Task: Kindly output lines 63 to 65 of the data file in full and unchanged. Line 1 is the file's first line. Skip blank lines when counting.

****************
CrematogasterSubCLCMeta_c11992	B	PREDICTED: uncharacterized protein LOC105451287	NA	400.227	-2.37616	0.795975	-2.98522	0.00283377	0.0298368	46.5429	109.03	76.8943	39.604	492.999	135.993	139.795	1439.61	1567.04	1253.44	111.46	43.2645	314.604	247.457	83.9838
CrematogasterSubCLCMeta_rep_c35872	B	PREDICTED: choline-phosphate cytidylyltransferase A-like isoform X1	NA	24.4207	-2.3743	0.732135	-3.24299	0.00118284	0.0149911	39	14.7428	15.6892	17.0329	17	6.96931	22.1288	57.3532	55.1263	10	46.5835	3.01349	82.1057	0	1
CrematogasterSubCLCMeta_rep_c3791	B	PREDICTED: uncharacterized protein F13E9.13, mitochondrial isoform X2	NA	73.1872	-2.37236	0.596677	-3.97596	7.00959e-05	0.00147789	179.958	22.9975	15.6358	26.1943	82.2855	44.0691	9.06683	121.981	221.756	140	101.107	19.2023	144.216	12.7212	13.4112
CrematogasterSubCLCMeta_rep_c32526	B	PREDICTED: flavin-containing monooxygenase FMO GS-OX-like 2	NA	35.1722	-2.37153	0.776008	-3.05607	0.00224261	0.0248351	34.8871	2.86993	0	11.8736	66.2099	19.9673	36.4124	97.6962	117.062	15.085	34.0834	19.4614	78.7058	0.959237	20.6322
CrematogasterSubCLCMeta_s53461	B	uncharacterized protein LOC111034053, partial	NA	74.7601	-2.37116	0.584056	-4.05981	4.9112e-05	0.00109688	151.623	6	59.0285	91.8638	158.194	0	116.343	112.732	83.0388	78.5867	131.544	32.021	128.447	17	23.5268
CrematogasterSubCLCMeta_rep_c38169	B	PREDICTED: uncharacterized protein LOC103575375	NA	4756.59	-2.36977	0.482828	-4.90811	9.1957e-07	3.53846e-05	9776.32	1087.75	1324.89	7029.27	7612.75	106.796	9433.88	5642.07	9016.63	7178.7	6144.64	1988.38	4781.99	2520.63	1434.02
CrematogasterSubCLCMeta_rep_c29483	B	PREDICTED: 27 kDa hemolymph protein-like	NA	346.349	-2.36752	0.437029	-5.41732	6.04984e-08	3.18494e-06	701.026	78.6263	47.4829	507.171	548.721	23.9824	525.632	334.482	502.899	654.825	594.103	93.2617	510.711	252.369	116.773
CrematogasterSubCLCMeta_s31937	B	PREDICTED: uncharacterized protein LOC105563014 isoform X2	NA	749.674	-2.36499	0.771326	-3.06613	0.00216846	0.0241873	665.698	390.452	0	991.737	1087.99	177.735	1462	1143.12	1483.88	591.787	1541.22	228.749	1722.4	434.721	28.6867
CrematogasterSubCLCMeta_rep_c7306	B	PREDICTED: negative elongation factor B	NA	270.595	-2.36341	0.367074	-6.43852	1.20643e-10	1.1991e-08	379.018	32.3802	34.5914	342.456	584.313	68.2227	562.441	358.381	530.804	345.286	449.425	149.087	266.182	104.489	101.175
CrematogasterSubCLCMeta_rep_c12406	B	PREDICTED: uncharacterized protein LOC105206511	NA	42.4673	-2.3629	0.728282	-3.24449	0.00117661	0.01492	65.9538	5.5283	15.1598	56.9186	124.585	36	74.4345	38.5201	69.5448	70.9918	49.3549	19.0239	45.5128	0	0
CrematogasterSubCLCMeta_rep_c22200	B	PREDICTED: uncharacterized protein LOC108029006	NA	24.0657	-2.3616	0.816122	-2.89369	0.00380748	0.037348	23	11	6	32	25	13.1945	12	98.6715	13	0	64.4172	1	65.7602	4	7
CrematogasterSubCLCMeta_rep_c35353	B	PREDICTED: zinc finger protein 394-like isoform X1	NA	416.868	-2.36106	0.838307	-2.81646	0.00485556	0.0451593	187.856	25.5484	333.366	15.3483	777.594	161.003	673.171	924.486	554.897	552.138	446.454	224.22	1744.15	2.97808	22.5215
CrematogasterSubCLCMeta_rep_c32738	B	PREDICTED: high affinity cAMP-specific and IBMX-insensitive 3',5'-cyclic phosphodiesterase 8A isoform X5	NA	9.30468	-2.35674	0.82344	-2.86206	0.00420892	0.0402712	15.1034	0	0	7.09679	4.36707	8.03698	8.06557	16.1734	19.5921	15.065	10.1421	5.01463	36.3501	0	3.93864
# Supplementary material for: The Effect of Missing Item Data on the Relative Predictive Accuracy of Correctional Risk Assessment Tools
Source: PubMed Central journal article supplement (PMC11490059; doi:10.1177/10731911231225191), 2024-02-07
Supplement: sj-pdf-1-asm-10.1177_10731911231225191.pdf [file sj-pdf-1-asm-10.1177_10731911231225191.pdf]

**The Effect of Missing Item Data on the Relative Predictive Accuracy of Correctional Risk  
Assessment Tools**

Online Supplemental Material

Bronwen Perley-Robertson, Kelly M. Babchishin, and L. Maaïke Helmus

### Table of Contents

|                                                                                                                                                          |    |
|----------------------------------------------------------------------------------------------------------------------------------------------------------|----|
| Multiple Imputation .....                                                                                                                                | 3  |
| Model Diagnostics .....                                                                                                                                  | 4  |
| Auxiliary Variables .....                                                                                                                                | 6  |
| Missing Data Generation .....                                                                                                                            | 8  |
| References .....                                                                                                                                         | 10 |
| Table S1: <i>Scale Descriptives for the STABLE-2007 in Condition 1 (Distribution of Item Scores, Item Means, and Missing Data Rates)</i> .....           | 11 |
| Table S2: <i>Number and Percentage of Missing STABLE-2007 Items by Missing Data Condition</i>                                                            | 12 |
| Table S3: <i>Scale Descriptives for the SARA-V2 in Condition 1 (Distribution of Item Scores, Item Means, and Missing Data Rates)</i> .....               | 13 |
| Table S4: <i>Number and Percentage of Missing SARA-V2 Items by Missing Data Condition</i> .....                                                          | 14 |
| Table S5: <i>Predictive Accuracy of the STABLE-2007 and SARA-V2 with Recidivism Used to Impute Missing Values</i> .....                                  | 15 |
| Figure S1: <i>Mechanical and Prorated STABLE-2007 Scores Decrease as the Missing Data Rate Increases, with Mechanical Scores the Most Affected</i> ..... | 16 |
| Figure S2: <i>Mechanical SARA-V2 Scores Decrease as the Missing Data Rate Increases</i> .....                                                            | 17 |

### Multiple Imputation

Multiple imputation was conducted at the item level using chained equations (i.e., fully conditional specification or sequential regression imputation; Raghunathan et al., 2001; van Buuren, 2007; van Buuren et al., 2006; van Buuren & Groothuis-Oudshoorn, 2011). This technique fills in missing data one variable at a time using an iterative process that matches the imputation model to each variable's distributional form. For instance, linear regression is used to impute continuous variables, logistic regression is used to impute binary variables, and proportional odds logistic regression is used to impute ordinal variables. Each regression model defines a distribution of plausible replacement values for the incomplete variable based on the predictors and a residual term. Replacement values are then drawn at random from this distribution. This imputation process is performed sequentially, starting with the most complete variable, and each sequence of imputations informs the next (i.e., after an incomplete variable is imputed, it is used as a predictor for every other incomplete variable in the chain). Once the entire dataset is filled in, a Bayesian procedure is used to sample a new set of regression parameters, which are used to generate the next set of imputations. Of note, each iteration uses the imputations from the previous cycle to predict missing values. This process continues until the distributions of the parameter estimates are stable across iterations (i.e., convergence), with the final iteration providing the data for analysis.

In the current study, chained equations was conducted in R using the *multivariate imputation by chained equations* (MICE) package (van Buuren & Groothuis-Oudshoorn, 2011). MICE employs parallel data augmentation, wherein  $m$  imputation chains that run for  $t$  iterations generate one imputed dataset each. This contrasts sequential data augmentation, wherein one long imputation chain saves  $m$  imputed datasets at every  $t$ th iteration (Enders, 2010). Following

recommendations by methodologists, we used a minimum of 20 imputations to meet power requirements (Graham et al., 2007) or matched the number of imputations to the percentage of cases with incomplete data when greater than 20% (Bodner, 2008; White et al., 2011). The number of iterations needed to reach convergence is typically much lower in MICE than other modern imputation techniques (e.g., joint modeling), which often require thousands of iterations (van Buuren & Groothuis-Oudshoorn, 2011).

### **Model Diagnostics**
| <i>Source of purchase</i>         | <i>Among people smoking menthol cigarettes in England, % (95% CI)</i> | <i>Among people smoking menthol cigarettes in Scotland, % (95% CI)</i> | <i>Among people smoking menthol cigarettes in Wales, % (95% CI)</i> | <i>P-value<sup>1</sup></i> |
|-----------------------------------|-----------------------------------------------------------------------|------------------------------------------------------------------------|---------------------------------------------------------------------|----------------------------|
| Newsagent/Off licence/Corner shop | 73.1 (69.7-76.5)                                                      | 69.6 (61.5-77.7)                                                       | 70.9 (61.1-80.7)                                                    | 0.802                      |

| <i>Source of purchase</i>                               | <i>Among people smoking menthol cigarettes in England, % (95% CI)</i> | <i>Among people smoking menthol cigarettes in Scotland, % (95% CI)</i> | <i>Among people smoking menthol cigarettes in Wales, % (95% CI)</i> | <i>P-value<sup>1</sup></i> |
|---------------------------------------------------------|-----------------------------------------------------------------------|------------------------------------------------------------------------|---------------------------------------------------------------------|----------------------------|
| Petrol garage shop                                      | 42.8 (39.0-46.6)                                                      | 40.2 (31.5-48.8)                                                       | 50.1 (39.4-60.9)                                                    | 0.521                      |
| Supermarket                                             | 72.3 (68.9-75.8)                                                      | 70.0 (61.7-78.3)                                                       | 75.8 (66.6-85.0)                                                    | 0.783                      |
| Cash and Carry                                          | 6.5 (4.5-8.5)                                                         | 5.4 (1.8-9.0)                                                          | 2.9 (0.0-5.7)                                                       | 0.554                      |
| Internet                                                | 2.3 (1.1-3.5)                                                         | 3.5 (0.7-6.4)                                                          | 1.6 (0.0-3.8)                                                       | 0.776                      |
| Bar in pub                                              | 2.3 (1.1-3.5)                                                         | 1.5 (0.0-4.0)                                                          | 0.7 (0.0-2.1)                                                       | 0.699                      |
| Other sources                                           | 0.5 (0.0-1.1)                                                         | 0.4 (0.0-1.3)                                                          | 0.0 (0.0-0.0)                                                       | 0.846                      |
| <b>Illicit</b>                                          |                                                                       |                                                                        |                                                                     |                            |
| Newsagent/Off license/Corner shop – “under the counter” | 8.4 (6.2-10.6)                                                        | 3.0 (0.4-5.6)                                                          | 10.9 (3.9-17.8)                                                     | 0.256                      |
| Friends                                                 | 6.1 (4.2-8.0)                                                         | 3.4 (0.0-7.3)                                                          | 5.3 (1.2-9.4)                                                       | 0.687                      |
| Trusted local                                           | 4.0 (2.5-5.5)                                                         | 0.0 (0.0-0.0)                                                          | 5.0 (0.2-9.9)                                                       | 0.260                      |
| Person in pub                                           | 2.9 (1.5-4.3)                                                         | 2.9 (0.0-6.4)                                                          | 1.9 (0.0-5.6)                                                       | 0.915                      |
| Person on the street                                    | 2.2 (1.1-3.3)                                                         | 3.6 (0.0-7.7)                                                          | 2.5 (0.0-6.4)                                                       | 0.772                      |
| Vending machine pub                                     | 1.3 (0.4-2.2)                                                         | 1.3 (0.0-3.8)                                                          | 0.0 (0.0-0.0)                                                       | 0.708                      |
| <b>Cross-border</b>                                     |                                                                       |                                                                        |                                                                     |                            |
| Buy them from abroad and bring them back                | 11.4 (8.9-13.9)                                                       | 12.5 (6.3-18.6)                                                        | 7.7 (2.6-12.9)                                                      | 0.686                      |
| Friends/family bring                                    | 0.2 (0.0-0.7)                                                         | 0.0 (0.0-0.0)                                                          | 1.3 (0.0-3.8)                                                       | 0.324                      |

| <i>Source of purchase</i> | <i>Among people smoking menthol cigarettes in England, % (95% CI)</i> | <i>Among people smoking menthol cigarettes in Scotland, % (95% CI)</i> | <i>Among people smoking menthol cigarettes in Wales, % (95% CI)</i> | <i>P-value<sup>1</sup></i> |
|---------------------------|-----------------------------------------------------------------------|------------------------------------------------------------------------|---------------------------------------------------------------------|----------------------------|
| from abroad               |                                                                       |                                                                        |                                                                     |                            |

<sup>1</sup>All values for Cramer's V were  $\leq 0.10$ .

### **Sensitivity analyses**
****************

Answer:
|---------------------------|-----------------------------------------------------------------------|------------------------------------------------------------------------|---------------------------------------------------------------------|----------------------------|
| from abroad               |                                                                       |                                                                        |                                                                     |                            |

<sup>1</sup>All values for Cramer's V were  $\leq 0.10$ .